Since agriculture is very crucial to the social and economic development of the nation, a sustainable approach should be embraced. All over the world, the concept of evolving strategies for ensuring food security under a sustainable environmental management has gained prominence (NEEDS, 2004). Agricultural production should focus not only on yield but conservation mechanism. Conservation is described as option used to maintain the essential features of the natural habitat (Young, 1998; Mulongoy, 1986). It is also defined as a process by which the life of resources is prolonged either by preserving, re-using or by re-cycling it (FAO, 2000). The production of agricultural crops which give high returns per unit of input used is a major challenge in an effort to achieve food security, economic growth and sustainable development while maintaining the integrity of the environment (WCED, 1987).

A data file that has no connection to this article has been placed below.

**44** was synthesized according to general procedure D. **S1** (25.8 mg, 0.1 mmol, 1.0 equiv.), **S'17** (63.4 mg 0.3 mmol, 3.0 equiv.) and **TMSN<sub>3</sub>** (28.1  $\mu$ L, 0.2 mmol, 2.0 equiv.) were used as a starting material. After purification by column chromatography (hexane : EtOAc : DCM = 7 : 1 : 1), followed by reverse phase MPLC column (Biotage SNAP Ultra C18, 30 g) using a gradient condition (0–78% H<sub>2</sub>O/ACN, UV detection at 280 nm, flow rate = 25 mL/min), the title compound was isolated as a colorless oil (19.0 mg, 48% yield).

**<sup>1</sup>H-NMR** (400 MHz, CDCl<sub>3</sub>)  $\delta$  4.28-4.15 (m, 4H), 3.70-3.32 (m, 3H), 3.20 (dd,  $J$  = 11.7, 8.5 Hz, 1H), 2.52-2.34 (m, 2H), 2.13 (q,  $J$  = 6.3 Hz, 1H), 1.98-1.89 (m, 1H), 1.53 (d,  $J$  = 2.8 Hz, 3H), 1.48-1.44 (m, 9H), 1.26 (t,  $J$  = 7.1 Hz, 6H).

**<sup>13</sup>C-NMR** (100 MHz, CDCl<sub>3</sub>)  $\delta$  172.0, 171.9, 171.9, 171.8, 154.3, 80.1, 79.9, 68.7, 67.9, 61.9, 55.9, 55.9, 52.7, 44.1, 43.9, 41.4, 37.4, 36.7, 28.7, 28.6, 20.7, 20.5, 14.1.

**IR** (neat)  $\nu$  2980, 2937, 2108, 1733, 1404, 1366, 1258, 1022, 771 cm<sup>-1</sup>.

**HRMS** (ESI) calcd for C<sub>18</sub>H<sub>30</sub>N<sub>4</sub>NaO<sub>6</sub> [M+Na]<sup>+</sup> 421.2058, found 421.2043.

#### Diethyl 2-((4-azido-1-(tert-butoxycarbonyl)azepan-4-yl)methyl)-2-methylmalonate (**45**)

Organic manure use has been classified as sustainable conservation technique. Its use in crop production especially in the tropics holds a lot of potentials (Westerman AND Bicudo 2003). This research work therefore, takes an insight into unfolding the potentials of organic manure use in ameliorating the problems of nutrient status of the soil, reduction in cost and unavailability of artificial fertilizer and most importantly is restoring environmental quality.

The interest in organic manure in African agriculture is not necessarily the same in the developed countries, where the overwhelming issue is on environmental and health consciousness (Nwajiuba and Akinsanmi, 2002). In Africa it is the damage to the soil and scarcity of inorganic fertilizer provision as and when due that gives prominence to the use of organic manure. Africa has the lowest mineral fertilizer consumption, about 10 kg nutrient (N, P2 O5, K2O)


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per hectare per year compared to the world average of 90 Kg or 60 kg in the near East and 130 kg per year in Asia (FAO, 2001).

The low inorganic fertilizer utilization in African, Nigeria inclusive has prompted researches into indigenous soil conservation mechanism. Indigenous soil conservation can be referred to as the local means of combining crop production and soil management practices that are likely to protect the soil agai